ultrafilter In the mathematical field of order theory, an ultrafilter on a given partially ordered set (poset) ''P'' is a certain subset of ''P,'' namely a maximal filter on ''P'', that is, a proper filter on ''P'' that cannot be enlarged to a bigger pr ...
s, have some important technical advantages over nets that ultimately result in nets being encountered much less often than filters outside of the fields of Analysis and Topology. A
subnet A subnetwork or subnet is a logical subdivision of an IP network. Updated by RFC 6918. The practice of dividing a network into two or more networks is called subnetting. Computers that belong to the same subnet are addressed with an identical ...
is not merely the restriction of a net $f$ to a directed subset of $A;$ see the linked page for a definition.

# Examples of nets

Every non-empty
totally ordered set In mathematics Mathematics (from Greek: ) includes the study of such topics as numbers (arithmetic and number theory), formulas and related structures (algebra), shapes and spaces in which they are contained (geometry), and quantities and ...
is directed. Therefore, every function on such a set is a net. In particular, the
natural number In mathematics, the natural numbers are those numbers used for counting (as in "there are ''six'' coins on the table") and total order, ordering (as in "this is the ''third'' largest city in the country"). In common mathematical terminology, w ...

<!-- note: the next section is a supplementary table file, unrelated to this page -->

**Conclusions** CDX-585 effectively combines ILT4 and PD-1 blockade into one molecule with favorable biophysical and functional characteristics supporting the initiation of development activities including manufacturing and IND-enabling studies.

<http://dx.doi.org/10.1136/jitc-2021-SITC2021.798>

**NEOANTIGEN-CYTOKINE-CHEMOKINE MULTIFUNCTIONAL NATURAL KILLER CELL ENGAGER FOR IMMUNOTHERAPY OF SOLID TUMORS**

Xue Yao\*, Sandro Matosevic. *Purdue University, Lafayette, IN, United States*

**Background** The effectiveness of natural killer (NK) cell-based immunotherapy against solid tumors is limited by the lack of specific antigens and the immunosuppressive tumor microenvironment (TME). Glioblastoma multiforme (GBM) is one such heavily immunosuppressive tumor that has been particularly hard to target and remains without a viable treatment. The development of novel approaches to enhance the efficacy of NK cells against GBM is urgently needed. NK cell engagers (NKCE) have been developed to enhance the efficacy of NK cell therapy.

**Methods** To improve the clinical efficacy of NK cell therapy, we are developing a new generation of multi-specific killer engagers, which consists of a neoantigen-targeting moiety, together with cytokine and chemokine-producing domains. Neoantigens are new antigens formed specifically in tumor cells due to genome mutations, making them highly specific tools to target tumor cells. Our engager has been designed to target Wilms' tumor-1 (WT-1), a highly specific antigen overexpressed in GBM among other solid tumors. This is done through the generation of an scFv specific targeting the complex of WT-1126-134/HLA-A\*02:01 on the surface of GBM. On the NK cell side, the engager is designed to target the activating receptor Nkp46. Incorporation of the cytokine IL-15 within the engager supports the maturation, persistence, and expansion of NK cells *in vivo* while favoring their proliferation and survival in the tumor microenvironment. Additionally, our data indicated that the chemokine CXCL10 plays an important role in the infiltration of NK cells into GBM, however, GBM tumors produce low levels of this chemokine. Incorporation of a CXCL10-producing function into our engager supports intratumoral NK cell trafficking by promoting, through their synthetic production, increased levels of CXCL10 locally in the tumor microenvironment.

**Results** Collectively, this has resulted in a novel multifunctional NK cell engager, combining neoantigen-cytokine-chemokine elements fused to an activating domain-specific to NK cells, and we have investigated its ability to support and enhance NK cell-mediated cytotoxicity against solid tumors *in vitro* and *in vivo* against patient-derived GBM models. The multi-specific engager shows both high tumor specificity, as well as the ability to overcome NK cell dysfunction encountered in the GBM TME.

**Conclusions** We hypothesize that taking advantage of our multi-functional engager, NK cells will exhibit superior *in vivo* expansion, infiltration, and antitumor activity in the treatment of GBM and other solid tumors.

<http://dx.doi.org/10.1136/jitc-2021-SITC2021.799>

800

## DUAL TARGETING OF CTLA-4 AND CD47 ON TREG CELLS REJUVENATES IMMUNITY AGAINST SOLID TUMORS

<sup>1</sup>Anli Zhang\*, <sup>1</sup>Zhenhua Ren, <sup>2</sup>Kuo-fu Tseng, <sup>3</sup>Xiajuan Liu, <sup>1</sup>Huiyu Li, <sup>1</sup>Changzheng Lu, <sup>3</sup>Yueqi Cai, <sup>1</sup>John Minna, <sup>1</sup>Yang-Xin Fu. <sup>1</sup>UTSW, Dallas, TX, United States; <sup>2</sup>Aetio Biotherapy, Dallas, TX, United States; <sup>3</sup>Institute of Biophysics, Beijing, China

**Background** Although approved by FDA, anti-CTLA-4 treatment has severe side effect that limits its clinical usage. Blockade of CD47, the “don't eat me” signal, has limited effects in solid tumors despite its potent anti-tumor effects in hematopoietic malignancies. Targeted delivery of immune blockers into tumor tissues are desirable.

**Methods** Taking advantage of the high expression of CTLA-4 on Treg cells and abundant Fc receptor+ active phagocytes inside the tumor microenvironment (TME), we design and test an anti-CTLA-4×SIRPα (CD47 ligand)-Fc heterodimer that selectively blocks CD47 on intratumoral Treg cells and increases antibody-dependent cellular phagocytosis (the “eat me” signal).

s with the usual order form such a set, and a sequence is a function on the natural numbers, so every sequence is a net. Another important example is as follows. Given a point $x$ in a topological space, let $N_x$ denote the set of all
neighbourhood A neighbourhood (British English, Hiberno-English, Hibernian English, Australian English and Canadian English) or neighborhood (American English; American and British English spelling differences, see spelling differences) is a geographicall ...
s containing $x.$ Then $N_x$ is a directed set, where the direction is given by reverse inclusion, so that $S \geq T$
if and only if In logic Logic is an interdisciplinary field which studies truth and reasoning. Informal logic seeks to characterize Validity (logic), valid arguments informally, for instance by listing varieties of fallacies. Formal logic represents st ...
$S$ is contained in $T.$ For $S \in N_x,$ let $x_S$ be a point in $S.$ Then $\left\left(x_S\right\right)$ is a net. As $S$ increases with respect to $\,\geq,$ the points $x_S$ in the net are constrained to lie in decreasing neighbourhoods of $x,$ so intuitively speaking, we are led to the idea that $x_S$ must tend towards $x$ in some sense. We can make this limiting concept precise.

# Limits of nets

If $x_ = \left\left(x_a\right\right)_$ is a net from a directed set $A$ into $X,$ and if $S$ is a subset of $X,$ then $x_$ is said to be (or ) if there exists some $a \in A$ such that for every $b \in A$ with $b \geq a,$ the point $x_b \in S.$ A point $x \in X$ is called a or of the net $x_$ in $X$ if (and only if) :for every open